A Model of Zero Price Effect with Prospect Theory

Wednesday, 13 July 2016: 09:30
Location: Hörsaal 27 (Main Building)
Oral Presentation
Hiroshi HAMADA, Tohoku University, Japan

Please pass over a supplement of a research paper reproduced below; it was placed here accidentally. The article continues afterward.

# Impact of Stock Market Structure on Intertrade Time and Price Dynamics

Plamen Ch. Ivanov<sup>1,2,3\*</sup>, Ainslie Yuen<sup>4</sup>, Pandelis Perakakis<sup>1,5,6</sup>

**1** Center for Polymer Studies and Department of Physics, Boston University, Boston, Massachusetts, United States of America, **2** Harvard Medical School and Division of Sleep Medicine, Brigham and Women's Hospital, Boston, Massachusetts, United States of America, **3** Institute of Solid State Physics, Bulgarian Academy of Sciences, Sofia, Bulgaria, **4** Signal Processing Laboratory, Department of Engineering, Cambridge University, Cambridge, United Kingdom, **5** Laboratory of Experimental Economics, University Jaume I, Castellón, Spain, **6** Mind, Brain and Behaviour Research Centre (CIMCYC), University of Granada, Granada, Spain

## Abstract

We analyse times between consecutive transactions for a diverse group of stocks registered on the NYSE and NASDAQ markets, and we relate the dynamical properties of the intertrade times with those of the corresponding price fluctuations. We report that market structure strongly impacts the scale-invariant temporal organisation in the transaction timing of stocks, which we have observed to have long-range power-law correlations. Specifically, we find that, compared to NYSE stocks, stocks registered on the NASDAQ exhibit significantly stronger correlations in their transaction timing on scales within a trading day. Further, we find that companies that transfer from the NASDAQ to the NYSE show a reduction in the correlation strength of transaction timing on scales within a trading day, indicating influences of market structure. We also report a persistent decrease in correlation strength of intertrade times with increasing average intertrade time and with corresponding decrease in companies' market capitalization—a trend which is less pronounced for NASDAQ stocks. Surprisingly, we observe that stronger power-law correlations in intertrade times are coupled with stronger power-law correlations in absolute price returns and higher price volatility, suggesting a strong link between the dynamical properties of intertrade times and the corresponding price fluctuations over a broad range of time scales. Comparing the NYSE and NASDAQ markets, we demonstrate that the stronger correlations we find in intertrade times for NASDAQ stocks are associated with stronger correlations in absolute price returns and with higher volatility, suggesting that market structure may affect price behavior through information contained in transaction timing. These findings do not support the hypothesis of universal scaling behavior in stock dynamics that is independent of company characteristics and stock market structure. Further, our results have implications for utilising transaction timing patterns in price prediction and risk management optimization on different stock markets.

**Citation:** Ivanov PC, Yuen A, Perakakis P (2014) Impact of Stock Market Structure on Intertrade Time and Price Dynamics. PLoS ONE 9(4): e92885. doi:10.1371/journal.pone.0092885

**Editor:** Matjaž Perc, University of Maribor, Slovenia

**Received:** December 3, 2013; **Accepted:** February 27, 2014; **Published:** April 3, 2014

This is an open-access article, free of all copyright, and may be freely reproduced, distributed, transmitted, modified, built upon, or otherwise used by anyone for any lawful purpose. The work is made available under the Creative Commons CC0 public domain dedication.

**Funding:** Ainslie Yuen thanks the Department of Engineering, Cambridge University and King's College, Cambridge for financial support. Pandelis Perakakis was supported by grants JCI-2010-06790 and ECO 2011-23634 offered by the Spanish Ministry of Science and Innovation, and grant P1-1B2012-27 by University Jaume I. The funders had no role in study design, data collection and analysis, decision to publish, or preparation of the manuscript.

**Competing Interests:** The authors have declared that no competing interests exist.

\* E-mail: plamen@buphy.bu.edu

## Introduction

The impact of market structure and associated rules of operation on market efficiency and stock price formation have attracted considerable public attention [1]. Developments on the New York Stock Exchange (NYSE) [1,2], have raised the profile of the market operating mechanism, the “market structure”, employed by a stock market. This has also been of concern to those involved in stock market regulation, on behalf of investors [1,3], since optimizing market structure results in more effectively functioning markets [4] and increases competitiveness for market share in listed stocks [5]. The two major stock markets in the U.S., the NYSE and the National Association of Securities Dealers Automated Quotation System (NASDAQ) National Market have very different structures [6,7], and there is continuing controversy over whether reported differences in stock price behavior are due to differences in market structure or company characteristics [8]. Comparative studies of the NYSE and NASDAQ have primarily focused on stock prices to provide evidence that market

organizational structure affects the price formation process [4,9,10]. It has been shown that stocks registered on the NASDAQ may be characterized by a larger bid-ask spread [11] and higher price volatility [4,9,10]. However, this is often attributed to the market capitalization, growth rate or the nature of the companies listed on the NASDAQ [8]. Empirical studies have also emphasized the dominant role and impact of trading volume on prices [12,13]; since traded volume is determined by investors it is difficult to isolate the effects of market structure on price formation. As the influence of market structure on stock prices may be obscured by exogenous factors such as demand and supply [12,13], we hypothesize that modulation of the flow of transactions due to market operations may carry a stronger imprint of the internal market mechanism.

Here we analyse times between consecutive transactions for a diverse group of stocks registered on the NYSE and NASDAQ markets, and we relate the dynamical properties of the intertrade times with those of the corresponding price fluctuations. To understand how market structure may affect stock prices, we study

According to standard expected utility theory, people will choose the option with the highest cost–benefit difference when they faced with a choice of selecting one of available products (or buying nothing). Recently, by psychological experiments, Shampanier, Mazar, and Ariely (2007) showed that people do not simply subtract costs from benefits but instead they perceive the benefits associated with free products as higher. Decisions about zero price products are empirically different from the forecast of standard rational choice theory. Their experiments showed that people, who choose expensive option in non-zero condition, choose the cheaper option in the zero-price condition. However, they do not specify the mathematical condition of utility function that can generates such an inversion of preference or zero-price anomaly (Heyman and Ariely 2004; Ariely, Gneezy, and, Haruvy 2006). We give a general proof of existence of the condition of zero-price anomaly based on the prospect theory (Kahneman and Tversky 1979; Tversky and Kahneman 1981, 1992; Myagkov and Plott 1997). More specifically, we prove that the concavity at negative domain of value function is essential for the zero-price anomaly and explains the results of empirical experiments well. Additionally we test our proposal by psychological experiment which contrasts zero-price and non zero-price conditions. As a result, we succeed in showing that the prospect theory can explain the zero-price anomaly.